Moderna’s multi-strain COVID-19 vaccine shows real promise

While US health officials are still debating the best way forward when it comes to boosters for COVID-19 vaccines, one thing was clear when experts convened by the Food and Drug Administration (FDA) recently met for a committee discussion: to For longer and stronger immune responses, the next booster may need to target more than one strain of SARS-CoV-2. That would make COVID-19 vaccines similar to the annual flu shot, which normally helps the body generate immunity against up to three different flu strains.

On April 19, Moderna, which is making one of two mRNA vaccines available in the US, reported the results of the first such combination vaccine. The results have been published on a pre-print server and have not yet been peer-reviewed.

In the study, which involved nearly 900 people vaccinated with a primary series of two doses of Moderna’s original vaccine, they received a booster of the new vaccine at least six months after the first injections. About 300 people received a half-dose booster and nearly 600 received a full dose of the new injection. The new vaccine contained equal amounts of viral genetic material that would help the body’s immune cells produce antibodies against both the original version of the virus and beta, one of several variants that have emerged over the past two years. Another 171 people served as the comparison group and received the original vaccine, with half the dose as the primary series, as a booster dose — as currently recommended by the FDA and the Centers for Disease Control and Prevention.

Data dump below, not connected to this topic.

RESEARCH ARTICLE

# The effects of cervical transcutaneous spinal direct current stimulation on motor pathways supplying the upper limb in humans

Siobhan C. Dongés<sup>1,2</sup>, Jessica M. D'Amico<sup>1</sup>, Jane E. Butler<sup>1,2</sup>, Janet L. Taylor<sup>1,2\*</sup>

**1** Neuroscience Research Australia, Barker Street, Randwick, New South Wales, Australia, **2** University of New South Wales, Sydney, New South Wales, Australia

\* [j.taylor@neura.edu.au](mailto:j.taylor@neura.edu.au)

In general, the combination booster generated higher antibody responses than those produced by the original booster, not only against the original virus strain, but also others, including Delta and Omicron, although the new vaccine did not target those and was designed to target to focus on beta. specifically. Such cross-reactivity is an encouraging sign that combining different strains can elicit a more robust immune response against a number of different variants. With regard to Omicron in particular, at half the dose of the original primary series, containing genetic information from both the original virus and beta variant, the new booster generated more than twice as many antibodies compared to the original booster. – even up to six months after the shot. The full dose generated more antibodies, but also slightly more side effects.

While antibodies contribute only to one type of immunity provided by vaccines, they are important in reducing the risk of being infected with the virus and decreasing the chance of developing severe symptoms of COVID-19.

The half-dose of the new vaccine was not associated with more side effects than the currently approved half-dose booster against the original strain. However, the full dose of the new vaccine was linked to a slightly higher risk of side effects, comparable to the full dose of the original booster, which reversed the company’s previous decision to authorize the original booster at half the dose of the primary. series.

While the results of the latest study are promising, Moderna is also studying a combination booster targeting Omicron and the original strain. Those results are expected later this spring. Given the prevalence of Omicron and its BA.2 subvariant around the world, the company’s scientists anticipate that the combined Omicron booster may be a stronger candidate for consideration as the US’s next booster shot in the fall, but that decision will only be made before the results of that investigation are available.

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